Friday, July 01, 2005

Arguments for Flat Tax

This is my second "flat" post on this blog. I first talked about flat tax when discussiong The Economist article on this same subject. Now, I had the pleasure of listening to Dr. Madsen Pirie which presented at the Danish CEPOS flat tax conference the Adam Smith Institutes arguments for flat tax in the UK. According to Madsen Pirie the flat tax broadens the tax base in 3 ways: (i) Less motivation for tax avoidance; (ii) Less black economy; (iii) Economic expansion.

A flat tax is a system that taxes all entities in a class (either individuals or companies) at the same rate, as opposed to a graduated or progressive scheme. The term flat tax is most often discussed in the context of income taxes. The flat tax is currently used very rarely in the developed world, standing in contrast to the more widely used progressive income tax. The Baltic countries of Estonia and Latvia have had flat taxes of 24% and 25% respectively with a tax exempt amount, since the mid-1990s. On 1 January 2001, a 13 percent flat tax on personal income took effect in Russia. Ukraine followed Russia with a 13% flat tax in 2003. Slovakia introduced a 19% flat tax in 2004. More recently, Romania introduced a 16% flat tax on personal income and corporate profit on January 1, 2005. Now the issue is being considered in more countries, from Denmark to the UK and even in the US there have been tentative discussions on the consequences and arguments of a flat tax.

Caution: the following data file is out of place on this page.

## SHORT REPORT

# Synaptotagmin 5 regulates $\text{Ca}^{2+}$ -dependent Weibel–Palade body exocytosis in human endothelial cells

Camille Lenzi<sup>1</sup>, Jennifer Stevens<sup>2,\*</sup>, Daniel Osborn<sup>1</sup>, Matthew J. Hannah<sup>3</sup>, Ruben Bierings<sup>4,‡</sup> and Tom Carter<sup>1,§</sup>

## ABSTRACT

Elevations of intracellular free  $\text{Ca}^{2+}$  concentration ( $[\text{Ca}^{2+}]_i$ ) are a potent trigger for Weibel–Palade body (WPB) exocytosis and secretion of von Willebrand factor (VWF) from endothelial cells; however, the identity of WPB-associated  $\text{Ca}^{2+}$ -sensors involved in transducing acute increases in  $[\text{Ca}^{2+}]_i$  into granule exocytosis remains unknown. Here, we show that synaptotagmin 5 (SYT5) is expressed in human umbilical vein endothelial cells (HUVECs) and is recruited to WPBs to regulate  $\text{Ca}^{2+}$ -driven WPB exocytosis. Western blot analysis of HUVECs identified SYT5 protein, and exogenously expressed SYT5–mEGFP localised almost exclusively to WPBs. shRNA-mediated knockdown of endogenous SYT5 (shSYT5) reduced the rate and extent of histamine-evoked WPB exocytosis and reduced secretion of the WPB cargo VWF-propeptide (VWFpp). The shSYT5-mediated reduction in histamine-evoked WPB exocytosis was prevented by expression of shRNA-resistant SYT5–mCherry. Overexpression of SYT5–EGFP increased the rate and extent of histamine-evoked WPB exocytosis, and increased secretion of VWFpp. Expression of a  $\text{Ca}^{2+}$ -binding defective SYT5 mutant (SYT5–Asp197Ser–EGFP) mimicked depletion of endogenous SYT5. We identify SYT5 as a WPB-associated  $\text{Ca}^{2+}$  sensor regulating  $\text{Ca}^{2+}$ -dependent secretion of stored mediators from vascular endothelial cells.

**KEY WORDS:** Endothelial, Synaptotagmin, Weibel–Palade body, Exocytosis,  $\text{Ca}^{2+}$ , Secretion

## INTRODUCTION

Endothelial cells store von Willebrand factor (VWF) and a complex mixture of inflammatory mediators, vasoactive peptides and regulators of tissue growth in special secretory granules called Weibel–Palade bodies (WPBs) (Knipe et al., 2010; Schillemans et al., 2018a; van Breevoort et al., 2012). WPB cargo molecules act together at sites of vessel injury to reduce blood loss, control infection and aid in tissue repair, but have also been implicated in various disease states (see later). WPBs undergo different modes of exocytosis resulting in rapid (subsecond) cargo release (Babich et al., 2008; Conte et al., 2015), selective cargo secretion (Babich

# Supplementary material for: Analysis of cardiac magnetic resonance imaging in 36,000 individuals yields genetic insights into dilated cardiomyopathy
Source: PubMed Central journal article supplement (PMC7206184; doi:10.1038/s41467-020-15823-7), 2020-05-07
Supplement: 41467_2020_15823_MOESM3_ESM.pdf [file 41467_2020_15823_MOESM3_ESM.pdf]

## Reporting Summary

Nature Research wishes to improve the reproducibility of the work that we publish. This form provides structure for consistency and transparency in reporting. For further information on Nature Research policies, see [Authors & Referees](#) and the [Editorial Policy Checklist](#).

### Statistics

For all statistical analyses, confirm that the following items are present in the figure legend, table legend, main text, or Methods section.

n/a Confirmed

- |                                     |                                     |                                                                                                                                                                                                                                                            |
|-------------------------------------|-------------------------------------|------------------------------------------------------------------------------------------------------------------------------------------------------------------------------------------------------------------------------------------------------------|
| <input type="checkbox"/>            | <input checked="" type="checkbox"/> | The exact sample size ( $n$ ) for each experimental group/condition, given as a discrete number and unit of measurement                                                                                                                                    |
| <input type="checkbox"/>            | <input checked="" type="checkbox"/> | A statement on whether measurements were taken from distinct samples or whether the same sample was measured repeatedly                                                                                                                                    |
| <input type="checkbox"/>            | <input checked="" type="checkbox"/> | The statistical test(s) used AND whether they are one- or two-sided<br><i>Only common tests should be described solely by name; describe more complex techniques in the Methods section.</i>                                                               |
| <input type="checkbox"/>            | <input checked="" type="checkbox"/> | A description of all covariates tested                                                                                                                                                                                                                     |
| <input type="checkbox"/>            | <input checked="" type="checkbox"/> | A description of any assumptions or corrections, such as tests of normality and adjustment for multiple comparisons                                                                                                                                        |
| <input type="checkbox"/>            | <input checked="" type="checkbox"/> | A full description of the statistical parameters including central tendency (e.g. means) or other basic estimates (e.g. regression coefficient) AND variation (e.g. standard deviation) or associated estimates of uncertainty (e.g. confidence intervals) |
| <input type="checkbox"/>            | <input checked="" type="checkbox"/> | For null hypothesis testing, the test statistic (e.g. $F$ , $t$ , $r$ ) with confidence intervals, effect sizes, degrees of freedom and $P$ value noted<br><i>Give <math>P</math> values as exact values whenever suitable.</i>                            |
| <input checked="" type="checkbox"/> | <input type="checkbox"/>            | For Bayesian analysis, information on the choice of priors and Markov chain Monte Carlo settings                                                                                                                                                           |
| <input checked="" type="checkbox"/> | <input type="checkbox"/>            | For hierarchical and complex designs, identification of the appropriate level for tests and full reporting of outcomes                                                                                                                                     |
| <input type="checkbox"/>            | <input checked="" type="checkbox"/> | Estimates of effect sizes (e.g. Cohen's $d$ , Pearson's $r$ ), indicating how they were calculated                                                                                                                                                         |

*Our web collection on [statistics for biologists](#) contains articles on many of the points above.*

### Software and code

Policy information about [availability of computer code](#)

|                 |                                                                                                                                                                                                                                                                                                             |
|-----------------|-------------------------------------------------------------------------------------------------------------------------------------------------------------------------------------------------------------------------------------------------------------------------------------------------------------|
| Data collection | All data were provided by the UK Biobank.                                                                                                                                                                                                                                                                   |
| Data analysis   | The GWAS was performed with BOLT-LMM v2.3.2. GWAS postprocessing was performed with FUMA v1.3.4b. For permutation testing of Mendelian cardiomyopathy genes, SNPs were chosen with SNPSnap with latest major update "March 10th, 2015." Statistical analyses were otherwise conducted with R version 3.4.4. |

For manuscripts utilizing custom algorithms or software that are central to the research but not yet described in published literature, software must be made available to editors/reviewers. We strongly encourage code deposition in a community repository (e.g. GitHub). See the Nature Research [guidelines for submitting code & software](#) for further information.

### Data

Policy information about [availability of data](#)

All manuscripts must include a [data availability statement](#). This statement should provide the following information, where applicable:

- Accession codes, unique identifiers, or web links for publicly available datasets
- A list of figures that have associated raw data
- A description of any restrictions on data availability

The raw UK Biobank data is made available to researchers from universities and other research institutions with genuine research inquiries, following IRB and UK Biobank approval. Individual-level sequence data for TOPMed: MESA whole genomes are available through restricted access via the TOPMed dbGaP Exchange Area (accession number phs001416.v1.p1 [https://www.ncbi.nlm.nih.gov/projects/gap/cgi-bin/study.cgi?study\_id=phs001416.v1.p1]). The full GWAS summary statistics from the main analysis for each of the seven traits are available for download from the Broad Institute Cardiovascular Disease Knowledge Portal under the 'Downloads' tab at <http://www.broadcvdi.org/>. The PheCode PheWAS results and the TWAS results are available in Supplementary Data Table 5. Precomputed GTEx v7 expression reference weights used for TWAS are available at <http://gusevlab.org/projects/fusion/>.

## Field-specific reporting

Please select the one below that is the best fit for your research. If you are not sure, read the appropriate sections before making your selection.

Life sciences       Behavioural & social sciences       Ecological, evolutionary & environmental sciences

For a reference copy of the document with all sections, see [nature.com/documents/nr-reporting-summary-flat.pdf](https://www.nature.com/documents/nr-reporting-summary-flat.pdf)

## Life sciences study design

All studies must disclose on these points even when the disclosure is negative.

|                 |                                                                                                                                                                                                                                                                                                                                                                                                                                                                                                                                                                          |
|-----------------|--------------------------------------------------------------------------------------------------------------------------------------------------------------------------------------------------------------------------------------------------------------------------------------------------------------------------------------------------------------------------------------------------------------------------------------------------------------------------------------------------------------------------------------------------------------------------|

According to Madsen Pirie, “flat tax came to new Europe first because it is politically easier to do there, not because it is more appropriate economically. The Eastern states do not have the long history of entrenched interest groups influencing the democratic process. Politicians in countries with a longer democratic tradition have to be careful in taking on groups, which perceive benefits to themselves from the progressive tax system. Some see advantages in the exemptions and allowances which characterize such systems, and fear they might lose out”. Nevertheless, he considers that the incentive boost to economic activity underlying the enactment of a flat tax would be probably higher in a more developed economy.

We all agree that flat tax becomes politically easier as more countries introduce it but we also have to agree (or disagree) that the discussion is still in its infancy and that the economic impact of such measures should be measured in more detail. Nevertheless, I am supportive in principle to any measure that not only simplifies but also flattens the operation of a tax system.

Click here if you would like to listen to Dr. Madsen Pirie presentation at the CEPOS flat tax conference.


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